8. Beaumount, Chief Justice of the Bombay High Court also made-similar observations in Chand(sic)slal Vadilal v. Govt. of Bombay AIR 1943 Bom 138 'One must construe Section 80 with some regard to common sense and to the object with which it appears to have been passed.'
9. It may be observed that when dealing with the question of cause of action and relief claimed in the suit, it would be necessary to use common sense to find out whether Section 80 has been complied with or not, but when the question is about the identity of the name of the plaintiff with that of the persons giving the notice under Section 80 C.P.C., there is little scope for using common sense for either the name of the person suing is there in the notice or it is not; and no amount of common sense can bring the name of the person giving the notice in the name of the plaintiff, it is-not there.
10. In Raghunath Das v. Union of India : 1SCR450 the notice under Section 80 CPC. purported to be given on behalf of 'M/s Raghunath Das Mulk Raj' but it was signed by Raghunathdas as the proprietor of the aforesaid concern. In the notice there was a clear indication, if the notice was read as a whole, that the plaintiff was the sole proprietor of the concern. The suit was brought by Raghunathdas as the sole proprietor of firm M/s Raghunathdas Mulk Raj. It was held in that case the that notice was valid and that the authorities who received the notice were expected to import some common sense in it. Their Lordships of the Supreme Court observed as under in the above mentioned case:
The object of the notice contemplated by that Section is to give to the concerned Governments and public officers opportunity to reconsider the legal position and to make amends or settle the claim, if so advised without litigation. The legislative intention behind that Section in our opinion is that public money and time should not be wasted on unnecessary litigation & the Government and the public officers should be gixen a reasonable opportunity to examine the claim against them lest they should be drawn into avoidable litigations. The purpose of law is advancement of justice, The provisions in Section 80, Civil Procedure Code are intended to be used as body traps against ignorant and illiterate persons. In this case we are concerned with a narrow question. Has the person mentioned in the notice as plaintiff brought the present suit or is he someone else? The question has to be decided by reading the notice as a whole in a reasonable manner.
In the present case, as already mentioned above, the notice was given on behalf of 'Santi Kumar Jain, Proprietor of Shah Nemji Chitarmal Jain Baran' while the suit was filed by 'Shah Nemji Chtitrmal Jain, a registered firm through partner and proprietor Shanti Kumar son of Chtitrmal, caste Jain, Baran.' In para 1 of the plaint it has been mentioned that Shah Nemji Chitarmal Jain was a registered firm. In the written statement the defendant Railway Administration had taken the objection that the notice under Section 80 CPC was given by Shanti Kumar Jain proprietor of M/s Shah Nemji Chitarmal Jain while the suit has been filed by the firm Shah Nemji Chitarmal Jain, through partner and proprietor Shanti Kumar and hence the notice was invalid and the suit was liable to be dismissed.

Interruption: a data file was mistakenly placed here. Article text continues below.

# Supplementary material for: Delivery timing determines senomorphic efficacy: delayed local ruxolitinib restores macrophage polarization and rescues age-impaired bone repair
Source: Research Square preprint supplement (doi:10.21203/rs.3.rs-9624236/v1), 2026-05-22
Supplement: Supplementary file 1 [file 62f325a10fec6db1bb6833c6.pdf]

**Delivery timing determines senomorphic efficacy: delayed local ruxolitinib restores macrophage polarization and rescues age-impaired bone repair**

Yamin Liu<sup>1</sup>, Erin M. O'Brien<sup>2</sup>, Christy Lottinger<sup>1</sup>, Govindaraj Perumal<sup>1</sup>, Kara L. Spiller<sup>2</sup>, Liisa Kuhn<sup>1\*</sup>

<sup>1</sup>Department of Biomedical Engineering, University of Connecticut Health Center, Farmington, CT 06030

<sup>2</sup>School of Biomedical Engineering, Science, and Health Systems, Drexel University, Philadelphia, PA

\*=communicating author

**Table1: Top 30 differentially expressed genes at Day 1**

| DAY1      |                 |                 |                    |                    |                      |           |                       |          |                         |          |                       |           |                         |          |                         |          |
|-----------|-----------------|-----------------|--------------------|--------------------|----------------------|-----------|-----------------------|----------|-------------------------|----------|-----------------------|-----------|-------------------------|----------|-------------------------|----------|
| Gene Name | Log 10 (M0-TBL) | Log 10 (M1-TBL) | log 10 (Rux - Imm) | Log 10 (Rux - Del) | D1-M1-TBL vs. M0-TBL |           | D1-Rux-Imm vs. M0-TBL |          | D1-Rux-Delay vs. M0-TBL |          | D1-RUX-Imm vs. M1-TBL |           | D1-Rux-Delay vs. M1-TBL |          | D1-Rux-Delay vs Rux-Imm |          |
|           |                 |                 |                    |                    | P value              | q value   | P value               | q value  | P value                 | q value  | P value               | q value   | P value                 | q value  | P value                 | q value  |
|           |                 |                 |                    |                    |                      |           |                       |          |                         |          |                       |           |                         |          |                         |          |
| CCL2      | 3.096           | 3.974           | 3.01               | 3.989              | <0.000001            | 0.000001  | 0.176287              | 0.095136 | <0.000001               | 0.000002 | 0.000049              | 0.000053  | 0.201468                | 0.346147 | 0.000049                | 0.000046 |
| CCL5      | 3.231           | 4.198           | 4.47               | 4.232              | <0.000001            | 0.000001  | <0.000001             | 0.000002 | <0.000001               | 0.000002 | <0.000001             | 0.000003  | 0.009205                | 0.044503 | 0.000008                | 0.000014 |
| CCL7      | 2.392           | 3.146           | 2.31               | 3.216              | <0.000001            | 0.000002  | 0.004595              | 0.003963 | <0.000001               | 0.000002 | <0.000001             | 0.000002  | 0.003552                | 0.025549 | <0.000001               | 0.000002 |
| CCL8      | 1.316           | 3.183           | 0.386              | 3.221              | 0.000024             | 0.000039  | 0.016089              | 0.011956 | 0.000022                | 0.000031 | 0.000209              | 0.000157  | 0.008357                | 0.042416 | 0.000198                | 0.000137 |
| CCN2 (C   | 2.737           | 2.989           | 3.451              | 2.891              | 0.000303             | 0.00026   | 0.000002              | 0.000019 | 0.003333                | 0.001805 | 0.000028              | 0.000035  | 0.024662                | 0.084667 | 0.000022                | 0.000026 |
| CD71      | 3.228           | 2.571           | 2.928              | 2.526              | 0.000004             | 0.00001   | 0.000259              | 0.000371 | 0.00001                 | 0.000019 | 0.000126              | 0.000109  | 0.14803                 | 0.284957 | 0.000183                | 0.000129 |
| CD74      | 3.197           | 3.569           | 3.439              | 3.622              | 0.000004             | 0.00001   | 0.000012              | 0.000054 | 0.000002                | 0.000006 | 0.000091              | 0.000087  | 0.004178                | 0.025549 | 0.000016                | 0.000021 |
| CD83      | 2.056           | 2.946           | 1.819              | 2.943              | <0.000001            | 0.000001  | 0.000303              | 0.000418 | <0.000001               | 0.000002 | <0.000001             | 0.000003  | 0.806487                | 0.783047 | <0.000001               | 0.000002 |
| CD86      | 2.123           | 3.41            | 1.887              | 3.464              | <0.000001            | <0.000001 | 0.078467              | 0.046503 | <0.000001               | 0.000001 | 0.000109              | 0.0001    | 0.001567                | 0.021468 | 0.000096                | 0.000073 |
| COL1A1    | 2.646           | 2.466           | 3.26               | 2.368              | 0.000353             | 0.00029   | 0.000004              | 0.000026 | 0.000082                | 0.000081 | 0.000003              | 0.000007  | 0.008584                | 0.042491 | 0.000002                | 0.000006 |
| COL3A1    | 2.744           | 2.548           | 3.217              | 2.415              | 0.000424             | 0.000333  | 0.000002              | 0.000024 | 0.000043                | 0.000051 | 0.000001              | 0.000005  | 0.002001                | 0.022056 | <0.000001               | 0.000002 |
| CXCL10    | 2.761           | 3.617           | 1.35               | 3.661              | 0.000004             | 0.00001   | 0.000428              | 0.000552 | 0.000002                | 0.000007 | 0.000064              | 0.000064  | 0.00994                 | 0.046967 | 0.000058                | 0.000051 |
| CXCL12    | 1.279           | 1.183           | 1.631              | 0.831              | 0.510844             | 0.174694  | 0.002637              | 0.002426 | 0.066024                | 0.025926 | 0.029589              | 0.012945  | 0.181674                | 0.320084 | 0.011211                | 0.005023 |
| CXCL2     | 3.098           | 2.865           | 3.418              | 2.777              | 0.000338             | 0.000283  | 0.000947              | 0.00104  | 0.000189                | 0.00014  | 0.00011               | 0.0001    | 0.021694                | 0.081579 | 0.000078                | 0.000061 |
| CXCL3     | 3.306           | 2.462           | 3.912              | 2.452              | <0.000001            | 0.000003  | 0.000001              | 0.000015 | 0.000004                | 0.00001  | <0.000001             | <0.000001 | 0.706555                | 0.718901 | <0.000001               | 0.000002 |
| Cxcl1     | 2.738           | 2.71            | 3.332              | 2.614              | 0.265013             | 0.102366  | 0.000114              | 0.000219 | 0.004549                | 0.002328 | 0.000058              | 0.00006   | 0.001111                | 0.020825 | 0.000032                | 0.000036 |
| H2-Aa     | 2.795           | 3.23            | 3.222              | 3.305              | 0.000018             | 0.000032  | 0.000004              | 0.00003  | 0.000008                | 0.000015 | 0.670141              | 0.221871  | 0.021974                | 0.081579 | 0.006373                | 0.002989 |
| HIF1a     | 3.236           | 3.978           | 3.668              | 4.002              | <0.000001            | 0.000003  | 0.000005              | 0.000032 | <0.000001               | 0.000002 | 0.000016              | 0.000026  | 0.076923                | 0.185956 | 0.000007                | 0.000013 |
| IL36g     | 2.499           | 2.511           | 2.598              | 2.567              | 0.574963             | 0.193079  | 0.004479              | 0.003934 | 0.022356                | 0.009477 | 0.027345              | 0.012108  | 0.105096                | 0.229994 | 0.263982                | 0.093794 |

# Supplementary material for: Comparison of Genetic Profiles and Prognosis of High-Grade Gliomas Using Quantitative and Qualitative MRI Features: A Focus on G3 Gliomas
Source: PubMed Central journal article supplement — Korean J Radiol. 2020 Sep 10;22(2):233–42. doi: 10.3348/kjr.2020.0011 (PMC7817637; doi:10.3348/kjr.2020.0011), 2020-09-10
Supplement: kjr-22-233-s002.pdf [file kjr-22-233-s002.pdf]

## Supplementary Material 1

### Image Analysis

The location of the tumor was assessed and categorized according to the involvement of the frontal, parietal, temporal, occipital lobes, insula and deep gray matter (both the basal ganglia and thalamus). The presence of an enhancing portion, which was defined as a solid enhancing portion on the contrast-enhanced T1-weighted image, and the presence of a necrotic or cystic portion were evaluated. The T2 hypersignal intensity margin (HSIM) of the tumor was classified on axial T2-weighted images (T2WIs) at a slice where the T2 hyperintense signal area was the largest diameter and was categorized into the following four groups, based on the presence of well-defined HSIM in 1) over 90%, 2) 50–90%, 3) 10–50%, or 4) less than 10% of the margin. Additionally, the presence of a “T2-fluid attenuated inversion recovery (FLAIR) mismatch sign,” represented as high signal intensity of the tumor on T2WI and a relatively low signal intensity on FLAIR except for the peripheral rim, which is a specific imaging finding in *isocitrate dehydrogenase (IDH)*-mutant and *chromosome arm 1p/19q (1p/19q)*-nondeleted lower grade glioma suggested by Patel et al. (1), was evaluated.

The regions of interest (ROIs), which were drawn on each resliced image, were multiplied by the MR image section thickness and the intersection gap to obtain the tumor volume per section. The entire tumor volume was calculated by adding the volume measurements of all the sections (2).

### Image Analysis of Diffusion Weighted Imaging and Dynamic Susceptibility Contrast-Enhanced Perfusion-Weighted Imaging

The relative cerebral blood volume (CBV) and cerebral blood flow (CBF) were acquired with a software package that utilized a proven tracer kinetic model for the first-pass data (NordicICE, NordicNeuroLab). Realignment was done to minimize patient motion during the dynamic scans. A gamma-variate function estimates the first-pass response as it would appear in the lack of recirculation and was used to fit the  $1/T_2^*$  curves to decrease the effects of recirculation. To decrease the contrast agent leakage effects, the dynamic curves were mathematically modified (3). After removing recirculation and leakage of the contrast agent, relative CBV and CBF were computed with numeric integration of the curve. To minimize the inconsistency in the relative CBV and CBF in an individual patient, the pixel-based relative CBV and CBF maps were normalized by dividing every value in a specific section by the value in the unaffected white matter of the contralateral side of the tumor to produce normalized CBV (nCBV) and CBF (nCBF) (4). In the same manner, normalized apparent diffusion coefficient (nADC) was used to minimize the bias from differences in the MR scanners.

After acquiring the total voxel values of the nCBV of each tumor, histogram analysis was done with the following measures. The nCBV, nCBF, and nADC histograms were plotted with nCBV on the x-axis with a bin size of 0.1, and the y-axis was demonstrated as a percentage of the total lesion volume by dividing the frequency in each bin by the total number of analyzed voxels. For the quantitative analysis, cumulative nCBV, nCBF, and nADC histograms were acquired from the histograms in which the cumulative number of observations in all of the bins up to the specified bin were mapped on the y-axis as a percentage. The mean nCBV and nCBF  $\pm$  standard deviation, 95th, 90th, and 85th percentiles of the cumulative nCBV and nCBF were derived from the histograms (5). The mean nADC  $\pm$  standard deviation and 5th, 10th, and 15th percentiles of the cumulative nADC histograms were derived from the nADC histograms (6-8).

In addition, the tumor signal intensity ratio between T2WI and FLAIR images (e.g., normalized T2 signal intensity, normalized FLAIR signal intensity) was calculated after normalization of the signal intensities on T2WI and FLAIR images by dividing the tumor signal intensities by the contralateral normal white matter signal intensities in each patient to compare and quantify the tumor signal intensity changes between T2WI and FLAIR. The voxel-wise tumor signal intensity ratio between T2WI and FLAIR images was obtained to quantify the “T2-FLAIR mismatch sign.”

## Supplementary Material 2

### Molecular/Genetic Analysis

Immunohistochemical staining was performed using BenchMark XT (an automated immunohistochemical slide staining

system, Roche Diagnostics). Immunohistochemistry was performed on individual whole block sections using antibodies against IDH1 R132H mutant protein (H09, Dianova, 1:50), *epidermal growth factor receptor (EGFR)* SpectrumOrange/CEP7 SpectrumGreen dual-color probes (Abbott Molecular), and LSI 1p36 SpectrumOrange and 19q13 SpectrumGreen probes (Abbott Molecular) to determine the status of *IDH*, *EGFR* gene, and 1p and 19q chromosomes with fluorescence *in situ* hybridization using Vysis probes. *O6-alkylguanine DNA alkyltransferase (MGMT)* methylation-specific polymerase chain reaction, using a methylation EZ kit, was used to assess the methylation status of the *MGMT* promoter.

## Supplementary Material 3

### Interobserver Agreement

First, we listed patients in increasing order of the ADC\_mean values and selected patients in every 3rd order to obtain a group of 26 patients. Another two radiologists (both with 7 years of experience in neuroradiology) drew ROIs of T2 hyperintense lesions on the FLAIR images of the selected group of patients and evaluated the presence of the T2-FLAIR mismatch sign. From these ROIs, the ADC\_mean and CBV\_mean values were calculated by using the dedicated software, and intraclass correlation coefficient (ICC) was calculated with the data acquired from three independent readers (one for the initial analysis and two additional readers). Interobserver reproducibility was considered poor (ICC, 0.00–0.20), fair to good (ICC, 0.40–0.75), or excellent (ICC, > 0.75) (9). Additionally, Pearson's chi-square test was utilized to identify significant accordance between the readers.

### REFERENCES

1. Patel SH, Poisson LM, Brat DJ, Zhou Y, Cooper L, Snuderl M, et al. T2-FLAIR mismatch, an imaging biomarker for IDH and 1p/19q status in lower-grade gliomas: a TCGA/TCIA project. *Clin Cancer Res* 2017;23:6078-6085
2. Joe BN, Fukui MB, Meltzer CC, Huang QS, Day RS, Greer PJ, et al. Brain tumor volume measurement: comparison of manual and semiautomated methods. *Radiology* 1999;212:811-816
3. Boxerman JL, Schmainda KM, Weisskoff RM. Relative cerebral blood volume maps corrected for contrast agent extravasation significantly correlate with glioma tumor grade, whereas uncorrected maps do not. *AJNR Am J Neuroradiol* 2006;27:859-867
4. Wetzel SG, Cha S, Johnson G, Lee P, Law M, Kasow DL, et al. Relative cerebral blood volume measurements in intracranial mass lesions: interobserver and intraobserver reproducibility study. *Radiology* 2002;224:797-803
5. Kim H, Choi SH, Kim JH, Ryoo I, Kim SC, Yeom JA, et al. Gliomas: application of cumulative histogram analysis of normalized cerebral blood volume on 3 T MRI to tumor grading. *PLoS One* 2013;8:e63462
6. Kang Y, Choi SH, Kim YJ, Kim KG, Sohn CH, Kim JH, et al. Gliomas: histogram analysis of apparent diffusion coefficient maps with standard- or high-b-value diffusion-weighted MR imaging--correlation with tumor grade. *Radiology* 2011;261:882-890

11. How so ever, liberally we may read the notice given in the present case and may apply the utmost common sense, yet when the notice is compared with the contents of the plaint, it is obvious that the identity of the person on whose behalf the notice was given does not agree with the person who brought the suit, as in the case of S.N. Dutt, a reading of the notice in the present case gives an impression that it was given on behalf of an individual. Shanti Kumar Jain, who described himself as the 'proprietor of M/s Shah Nemji Chitarmal Jain', which prima facie creates impression that M/s Shah Nemji Chitarmal was merely the name and style under which Shanti Kumar Jain carried on his individual business, because he has been described as the 'proprietor' of the said firm. But the plaint discloses an entirely different story and not that the suit has been filed on behalf of firm Shah Nemji Chitarmal Jain, but it has also been clearly stated in para 1 of the plaint that the plaintiff firm was registered partnership concern and Shanti Kumar has been described as 'a partner and proprietor.' Moreover, the plaintiff produced on the record of the suit a certified copy of a document from the office of the Registrar of Documents, Rajasthan, Jaipur, which has been marked as Annexure 2 and which clearly proves that Shah Nemji Chitarmal Jain, Baran was a firm registered under the provisions of the Indian Partnership Act, 1932. Thus, there could be no doubt on a consideration of the entire circumstances, of the case, that the plaintiff in the suit was a registered partnership firm, of which Shanti Kumar was merely a partner. The title of the plaint clearly shows that the suit was brought by the firm and not by Shanti Kumar personally. It is apparent from a reading of the plaint that firm Shah Nemji Chitarmal Jain was the plaintiff, who filed the suit through 'partner' and 'Malik' Shanti Kumar Jain. In Mewar Industrial and Commercial Syndicate, Udaipur v. Firm Raj Bahadur Seth Moolchand, Suganchand Udaipur 1956 RLW 188 it was held that the word 'Malik' is sometimes used in place of the word 'partner' as equivalent thereto although it is not an exact legal connection, because a partner is also one of the 'Malik' of the firm, though not the sole 'Malik'. In the title of the suit Shanti Kumar Jain has not been described as the sole 'Malik' and the word 'Malik' has been used along with the word 'partner', which goes to show that it was a suit by the firm through one of its partners. The description of the plaintiff and the contents of para No. 1 of the plaint create an impression that the suit has been filed on behalf of the required partnership firm M/s Shah Nemji Chitarmal. Therefore, reading both the notice and the plaint together, it cannot be held that there was identity of the person who issued the notice and the person who filed the suit and that the person giving the notice and the suit was the same I, therefore, agree with the lower appellate court that the notice under Section 80 C.P.C. was not given on behalf of the person who filed the suit namely the partnership firm M/s Shah Nemji Chitarmal Jain and as such the notice was defective and consequently the suit was not maintainable in the absence of a proper notice under Section 80 C.P.C.